ASP.NET Security Consultant

I'm an author, speaker, and generally a the-way-we've-always-done-it-sucks security guy who specializes in web technologies and ASP.NET.

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Getting Started with DAST/Active Scanning

Published on: 2019-10-15

Image by Pexels from Pixabay

If you're just getting started with DAST/Active scanning, there are a few things you ought to do before you point the scanner at your website and push "Go".

Ensure your website is accessible to the scanner

In order to scan your website, scanners need access to your website. If your scanner is hosted in the cloud, then you either need to make sure your website is publicly accessible or you need to create an exception in your firewall for the IP address(es) of the scanner. In this case, it is a good idea to access your site from your phone to make sure that it is truly accessible from the internet. If you install the scanner on the same network as your website, you should still double-check that DNS is set up properly, no firewalls are blocking your website, etc.

Use a test version of your website (and have a backup of your database)

Automated web scanners are generally safe in that they don't try to install viruses or steal data, but they do typically generate a lot of traffic and garbage data. (For more information, please read my blog post about how DAST scanners work.) Therefore, I recommend running the scans against a test version of your website, then restoring that backup once you're done scanning.

It is worth highlighting that if you do create a test version of your website as I recommend that you add some test data to the system. As mentioned before, scanners will try to click every link, submit every form, etc. If you don't have data in place, your scanner might not find the details pages for these items, which will lead to lower coverage and inferior results.

Turn off multi-factor authentication

If there is one, and only one, thing that you could do to secure your website, you would probably think hard about making that change turning on multi-factor authentication. As has been known for more than a decade, passwords just aren't that secure. Unfortunately, multi-factor authentication is also extremely effective in keeping out fully-automated scanners. So please use multi-factor authentication for all users except the one you use for scanning.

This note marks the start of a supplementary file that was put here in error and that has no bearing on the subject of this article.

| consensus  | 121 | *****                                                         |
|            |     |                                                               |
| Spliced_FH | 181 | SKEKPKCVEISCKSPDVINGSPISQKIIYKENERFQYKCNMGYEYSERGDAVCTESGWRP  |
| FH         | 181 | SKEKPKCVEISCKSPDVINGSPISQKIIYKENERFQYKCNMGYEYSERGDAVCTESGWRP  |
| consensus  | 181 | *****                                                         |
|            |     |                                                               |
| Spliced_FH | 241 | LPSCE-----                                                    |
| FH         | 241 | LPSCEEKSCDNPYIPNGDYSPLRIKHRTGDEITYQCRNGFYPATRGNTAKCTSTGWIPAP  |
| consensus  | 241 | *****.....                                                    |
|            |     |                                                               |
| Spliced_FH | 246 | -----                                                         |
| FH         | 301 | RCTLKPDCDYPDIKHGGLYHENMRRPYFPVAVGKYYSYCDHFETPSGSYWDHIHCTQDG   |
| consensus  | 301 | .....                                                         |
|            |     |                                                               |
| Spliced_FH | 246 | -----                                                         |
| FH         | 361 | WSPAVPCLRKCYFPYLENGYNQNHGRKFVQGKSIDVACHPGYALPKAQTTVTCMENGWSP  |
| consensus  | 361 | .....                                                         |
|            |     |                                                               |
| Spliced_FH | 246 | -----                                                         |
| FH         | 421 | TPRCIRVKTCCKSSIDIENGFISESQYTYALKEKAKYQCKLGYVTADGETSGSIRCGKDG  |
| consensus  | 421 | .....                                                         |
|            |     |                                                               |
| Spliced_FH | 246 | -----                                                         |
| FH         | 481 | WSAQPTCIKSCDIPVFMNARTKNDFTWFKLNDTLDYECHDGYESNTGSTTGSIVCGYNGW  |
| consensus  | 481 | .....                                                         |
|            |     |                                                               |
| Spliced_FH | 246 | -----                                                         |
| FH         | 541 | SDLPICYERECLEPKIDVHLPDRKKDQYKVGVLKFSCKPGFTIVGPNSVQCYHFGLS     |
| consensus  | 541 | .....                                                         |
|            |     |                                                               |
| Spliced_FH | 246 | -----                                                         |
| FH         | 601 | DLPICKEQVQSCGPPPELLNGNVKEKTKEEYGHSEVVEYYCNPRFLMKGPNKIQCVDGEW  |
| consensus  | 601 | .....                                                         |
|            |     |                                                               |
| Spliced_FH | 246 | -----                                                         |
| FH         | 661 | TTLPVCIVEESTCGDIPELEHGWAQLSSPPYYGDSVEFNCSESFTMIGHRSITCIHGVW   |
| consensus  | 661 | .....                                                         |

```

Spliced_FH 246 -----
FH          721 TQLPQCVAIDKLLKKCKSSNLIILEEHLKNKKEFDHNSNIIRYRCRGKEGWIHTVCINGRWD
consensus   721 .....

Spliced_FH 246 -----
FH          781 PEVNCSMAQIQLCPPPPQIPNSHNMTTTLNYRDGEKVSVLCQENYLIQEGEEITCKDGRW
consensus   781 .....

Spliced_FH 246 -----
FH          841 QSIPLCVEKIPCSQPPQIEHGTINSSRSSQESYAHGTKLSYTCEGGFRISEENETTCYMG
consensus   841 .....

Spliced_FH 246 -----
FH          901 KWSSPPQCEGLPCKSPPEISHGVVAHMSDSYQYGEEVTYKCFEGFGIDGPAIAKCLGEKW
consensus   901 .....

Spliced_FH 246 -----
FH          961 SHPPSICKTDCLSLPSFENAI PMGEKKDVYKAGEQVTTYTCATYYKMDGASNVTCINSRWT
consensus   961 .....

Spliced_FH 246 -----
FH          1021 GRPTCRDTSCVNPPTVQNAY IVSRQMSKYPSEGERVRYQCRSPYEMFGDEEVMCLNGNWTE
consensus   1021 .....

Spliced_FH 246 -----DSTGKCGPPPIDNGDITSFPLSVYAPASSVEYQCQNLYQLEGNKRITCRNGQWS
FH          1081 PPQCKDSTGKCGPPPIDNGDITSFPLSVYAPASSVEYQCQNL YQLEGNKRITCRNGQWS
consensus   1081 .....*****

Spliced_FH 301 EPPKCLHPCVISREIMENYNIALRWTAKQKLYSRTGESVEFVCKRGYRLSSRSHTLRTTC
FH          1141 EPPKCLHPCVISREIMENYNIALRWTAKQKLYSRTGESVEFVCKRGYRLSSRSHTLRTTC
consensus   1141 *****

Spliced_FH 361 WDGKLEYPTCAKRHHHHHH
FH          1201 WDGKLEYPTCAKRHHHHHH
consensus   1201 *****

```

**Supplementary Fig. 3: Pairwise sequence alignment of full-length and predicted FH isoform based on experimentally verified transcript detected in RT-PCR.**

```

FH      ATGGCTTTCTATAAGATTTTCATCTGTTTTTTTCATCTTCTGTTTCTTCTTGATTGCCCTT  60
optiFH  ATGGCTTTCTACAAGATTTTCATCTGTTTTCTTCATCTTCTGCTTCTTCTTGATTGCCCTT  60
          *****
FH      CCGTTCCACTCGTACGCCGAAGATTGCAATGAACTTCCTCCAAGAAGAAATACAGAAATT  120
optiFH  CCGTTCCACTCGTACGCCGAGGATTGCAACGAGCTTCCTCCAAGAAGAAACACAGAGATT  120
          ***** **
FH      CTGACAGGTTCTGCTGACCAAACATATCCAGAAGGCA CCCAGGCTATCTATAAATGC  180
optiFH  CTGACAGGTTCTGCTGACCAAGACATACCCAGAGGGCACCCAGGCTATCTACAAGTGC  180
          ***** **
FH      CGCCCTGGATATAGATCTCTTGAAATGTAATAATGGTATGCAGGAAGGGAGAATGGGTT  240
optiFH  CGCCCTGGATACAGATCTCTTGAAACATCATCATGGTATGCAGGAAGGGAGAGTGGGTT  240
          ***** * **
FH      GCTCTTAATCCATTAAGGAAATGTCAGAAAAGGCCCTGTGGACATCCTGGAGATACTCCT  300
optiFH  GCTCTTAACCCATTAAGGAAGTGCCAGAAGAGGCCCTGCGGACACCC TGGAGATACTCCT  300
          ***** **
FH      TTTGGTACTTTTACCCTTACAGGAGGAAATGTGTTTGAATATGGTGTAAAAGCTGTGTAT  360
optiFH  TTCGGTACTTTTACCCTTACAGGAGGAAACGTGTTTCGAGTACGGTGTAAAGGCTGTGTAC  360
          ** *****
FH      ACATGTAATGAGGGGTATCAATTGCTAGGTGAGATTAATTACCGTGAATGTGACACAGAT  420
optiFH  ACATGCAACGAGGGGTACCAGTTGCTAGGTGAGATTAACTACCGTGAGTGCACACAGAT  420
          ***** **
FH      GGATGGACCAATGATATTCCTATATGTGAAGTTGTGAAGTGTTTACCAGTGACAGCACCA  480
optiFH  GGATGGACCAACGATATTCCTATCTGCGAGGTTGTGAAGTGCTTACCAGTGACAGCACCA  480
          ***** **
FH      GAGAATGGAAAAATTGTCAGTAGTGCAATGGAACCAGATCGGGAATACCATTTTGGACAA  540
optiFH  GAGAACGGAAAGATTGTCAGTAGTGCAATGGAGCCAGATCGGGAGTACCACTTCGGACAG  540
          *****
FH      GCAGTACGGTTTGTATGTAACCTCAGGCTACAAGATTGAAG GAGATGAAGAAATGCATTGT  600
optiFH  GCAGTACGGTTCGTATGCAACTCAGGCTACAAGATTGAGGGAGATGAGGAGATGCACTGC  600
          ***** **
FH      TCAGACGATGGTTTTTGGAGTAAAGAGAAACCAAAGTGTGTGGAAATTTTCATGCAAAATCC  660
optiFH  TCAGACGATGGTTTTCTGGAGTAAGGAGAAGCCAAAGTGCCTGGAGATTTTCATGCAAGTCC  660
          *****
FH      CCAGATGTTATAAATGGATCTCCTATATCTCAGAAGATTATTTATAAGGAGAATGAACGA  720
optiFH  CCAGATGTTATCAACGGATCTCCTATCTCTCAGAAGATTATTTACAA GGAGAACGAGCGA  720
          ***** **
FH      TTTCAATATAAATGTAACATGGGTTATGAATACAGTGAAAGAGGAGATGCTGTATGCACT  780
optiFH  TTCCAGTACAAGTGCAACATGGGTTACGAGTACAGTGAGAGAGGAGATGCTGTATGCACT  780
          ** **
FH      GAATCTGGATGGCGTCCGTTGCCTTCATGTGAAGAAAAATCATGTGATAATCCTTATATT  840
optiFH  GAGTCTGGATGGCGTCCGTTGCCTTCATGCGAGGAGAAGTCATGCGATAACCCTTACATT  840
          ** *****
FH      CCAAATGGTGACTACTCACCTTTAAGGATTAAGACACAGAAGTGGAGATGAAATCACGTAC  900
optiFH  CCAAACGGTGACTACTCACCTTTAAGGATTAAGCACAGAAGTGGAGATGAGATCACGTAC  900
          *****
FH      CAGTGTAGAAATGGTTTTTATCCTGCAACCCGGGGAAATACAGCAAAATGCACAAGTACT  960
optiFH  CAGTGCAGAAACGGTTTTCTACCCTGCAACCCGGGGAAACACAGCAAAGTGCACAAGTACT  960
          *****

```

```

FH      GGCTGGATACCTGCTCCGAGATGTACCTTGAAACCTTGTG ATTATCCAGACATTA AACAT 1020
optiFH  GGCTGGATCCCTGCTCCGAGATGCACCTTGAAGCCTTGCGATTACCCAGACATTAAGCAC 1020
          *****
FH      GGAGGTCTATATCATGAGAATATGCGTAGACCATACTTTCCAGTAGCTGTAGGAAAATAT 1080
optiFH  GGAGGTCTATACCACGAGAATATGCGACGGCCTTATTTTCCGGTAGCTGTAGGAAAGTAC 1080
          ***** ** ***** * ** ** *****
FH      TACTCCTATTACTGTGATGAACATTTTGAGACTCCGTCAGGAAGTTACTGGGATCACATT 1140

Turn off any Web Application Firewalls

I highly recommend using Web Application Firewalls in general, but they can limit the effectiveness of scans if left on during a web scan. Therefore, it is best if you turn these off during the scan.

Turn off notifications

As mentioned earlier, in order to find vulnerabilities in your system, web scanners send thousands of requests to your system. If you get notifications when errors occur, a form is submitted, etc., you will likely get thousands of notifications during the course of a web scan. I highly recommend that you turn these off while the web scanner is running.

Tell the scanner to ignore sensitive pages

Also be sure to tell the scanner to ignore sensitive pages within your app, such as admin pages that delete users or pages that reset passwords. I personally have run into issues where my scanner has changed the password of the user I was using, forcing me to reset that password before running another scan. I could also imagine a scanner going in and finding a "delete all users" command (or something similar) and wreaking havoc. While these types of things can be an amusing subject for a story or blog post, I generally recommend avoiding them.

Finally, do be sure to check the results before accepting the findings. Missed portions of the app and bad authentication are common. You don't want to assume that your site is safe because you didn't get many findings in a bad scan!

Good luck!